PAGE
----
…the system has taken this shape some 25 years ago and has largely survived unchanged till our days…but times they are a-changing.
First signs of trouble came from the East: Russian national public broadcaster, VGTRK/ Rossiya 1, had pretty much shut its sports broadcasting. A newly formed dedicated national sports channel did not have a burden of the word “public” – and had quickly calculated that the math is not there: instead of buying international cross country skiing rights one could buy a lot of visuals of various under-card martial arts bouts and snooker tournaments. Much better bang for the buck. The fact that the Russian skiers are doing better and better has changed nothing in that attitude.
Then the German skiers stopped winning. ARD/ ZDF is the world richest public broadcaster, money for crosscountry skiing is (probably) peanuts for them – but who would watch German skiers fighting for Top 30 when German combiners sweep the whole podium? Almost all German advertisers have quickly abandoned the international skiing as result.
In 2020 the skiing more than ever depends on Norwegian NRK, Swedish SVT and Finnish YLE. They are not just main money bags – they each have a dedicated skiing fan base that justifies the expense. They are the ones who guarantee stability and traditions so beloved by many a fan
There is just one problem, but of a radical sort.
As of 2021/2022 season the NRK-SVT-YLE cartel will be showing skiing no more. They all lost bidding wars to the rapidly rising regional rival: Nordic Entertainment Group or NENT.
NRK for whom the skiing is extremely important part of its content programming had really tried, going much higher in their bid than ever before but NENT simply brushed them aside with their offer.
In case it’s not obvious – NENT is a pay TV/online operator. It charges for monthly access and, occasionally, for access to specific events. Its most audience- appreciated products appear to be UFC bouts, The English Premier League and Formula One. They also like to mention “content for young adult viewers”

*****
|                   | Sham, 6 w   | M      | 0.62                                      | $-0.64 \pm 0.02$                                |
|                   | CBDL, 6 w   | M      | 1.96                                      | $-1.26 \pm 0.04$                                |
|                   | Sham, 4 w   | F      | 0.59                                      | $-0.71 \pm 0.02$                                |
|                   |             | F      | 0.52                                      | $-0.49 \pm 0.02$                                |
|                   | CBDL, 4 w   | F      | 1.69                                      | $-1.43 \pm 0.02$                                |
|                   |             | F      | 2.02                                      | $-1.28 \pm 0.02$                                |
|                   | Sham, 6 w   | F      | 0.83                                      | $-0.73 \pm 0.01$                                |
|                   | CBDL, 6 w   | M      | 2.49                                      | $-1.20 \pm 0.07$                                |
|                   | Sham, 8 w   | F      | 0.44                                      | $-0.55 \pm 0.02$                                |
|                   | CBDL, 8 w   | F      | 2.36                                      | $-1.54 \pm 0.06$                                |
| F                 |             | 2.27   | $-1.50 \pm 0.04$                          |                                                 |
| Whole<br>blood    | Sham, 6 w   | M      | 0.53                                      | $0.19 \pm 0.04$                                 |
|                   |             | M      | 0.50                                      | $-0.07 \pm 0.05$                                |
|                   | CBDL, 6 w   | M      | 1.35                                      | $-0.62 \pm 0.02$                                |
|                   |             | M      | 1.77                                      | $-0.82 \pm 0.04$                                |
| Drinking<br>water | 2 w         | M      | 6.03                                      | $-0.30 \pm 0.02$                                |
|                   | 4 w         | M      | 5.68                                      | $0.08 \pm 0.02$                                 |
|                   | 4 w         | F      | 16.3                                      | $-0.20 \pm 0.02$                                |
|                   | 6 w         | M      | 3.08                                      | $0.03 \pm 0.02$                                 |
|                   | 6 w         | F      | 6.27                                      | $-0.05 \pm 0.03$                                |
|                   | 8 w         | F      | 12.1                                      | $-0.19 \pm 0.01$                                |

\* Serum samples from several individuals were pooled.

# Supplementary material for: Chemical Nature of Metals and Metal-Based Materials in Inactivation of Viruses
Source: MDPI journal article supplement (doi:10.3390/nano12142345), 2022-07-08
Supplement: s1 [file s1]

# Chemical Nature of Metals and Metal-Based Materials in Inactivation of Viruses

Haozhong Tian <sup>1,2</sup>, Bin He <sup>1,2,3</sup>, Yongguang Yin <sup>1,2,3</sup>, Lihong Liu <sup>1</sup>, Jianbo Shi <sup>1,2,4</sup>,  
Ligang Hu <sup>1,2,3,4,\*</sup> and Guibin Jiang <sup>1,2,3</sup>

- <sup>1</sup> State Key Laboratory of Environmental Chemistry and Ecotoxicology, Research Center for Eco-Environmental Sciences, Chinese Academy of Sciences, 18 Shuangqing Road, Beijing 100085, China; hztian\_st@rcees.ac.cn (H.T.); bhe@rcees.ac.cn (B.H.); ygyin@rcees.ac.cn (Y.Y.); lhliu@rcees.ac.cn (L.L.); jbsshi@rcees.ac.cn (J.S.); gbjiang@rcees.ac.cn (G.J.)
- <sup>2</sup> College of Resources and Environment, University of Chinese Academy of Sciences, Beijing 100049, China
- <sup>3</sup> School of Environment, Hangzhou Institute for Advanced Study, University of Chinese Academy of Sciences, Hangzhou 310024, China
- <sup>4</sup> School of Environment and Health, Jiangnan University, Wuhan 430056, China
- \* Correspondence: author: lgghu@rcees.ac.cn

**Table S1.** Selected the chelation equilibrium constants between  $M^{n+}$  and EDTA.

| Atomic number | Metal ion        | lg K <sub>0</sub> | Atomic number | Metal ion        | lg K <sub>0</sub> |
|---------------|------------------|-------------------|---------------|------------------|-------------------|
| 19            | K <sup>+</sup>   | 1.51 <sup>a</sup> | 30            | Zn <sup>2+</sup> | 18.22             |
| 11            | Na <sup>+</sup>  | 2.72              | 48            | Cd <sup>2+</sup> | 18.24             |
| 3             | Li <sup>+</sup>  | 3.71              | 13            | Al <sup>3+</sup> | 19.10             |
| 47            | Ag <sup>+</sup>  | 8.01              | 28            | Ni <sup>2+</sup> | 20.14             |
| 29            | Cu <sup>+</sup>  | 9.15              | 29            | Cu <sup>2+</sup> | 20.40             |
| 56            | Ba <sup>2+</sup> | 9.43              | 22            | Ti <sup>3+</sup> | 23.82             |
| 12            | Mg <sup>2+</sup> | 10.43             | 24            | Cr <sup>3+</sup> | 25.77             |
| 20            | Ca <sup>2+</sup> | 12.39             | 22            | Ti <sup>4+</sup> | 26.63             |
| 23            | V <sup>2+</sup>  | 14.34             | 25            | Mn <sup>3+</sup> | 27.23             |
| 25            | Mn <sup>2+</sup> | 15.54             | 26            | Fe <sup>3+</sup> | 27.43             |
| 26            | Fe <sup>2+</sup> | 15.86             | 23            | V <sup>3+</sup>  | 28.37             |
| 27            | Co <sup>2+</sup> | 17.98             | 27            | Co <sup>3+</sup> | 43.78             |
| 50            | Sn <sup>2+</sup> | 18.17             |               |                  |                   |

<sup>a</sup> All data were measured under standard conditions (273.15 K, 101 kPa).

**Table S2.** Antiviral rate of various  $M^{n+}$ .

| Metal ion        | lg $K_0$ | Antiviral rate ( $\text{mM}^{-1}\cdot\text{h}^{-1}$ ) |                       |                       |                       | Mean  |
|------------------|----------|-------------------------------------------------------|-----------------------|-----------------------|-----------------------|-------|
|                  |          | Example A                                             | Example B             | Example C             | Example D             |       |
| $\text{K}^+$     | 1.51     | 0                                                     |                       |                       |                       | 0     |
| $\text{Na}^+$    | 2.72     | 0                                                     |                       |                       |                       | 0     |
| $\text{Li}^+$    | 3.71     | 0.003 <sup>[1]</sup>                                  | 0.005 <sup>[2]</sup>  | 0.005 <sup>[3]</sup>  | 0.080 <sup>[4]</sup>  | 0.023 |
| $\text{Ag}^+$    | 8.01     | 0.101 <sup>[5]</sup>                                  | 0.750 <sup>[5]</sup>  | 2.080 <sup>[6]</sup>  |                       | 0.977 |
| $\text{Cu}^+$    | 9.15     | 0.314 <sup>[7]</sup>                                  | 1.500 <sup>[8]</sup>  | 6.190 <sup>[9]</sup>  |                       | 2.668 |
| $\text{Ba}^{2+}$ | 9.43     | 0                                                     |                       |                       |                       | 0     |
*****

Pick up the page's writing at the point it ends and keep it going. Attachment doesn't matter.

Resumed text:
They are in it to make money and see no particular point to hide that.
One needs to keep things in perspective,however: NENT did not buy cross-country television rights specifically, it was a part of the batch containing all sorts of other winter sports.
What happens to the Nordic combined or to the ski jumping is not part of this discussion (hint: nothing – they are undersigned by the Germans and the rest of continentals).
But cross country skiing it affect massively.
One crack in the system has probably appeared already. Sparebank 1, Team Norway’s main sponsor for years has refused to extend the agreement. Could be a coincidence – but what sense does it make for a banking group to pay millions to promote something only a relatively few well-heeled viewers would watch? Or will NENT find a way of keeping making people pay and watch, the way they do with handball in Norway?
We have to state for the record: we are not privy to NENT business strategy plans. We are not even sure it still has the same strategy as it had last year: the boss of its Norwegian sports division who by all indications was instrumental in paying the amount of money that made NRK openly gasp
, is no longer working for NENT.
But one does not have to be: The company says openly and rather proudly: ” We entertain millions of people every day”. Entertain,you see?
Things shall never be the same for the international cross country skiing.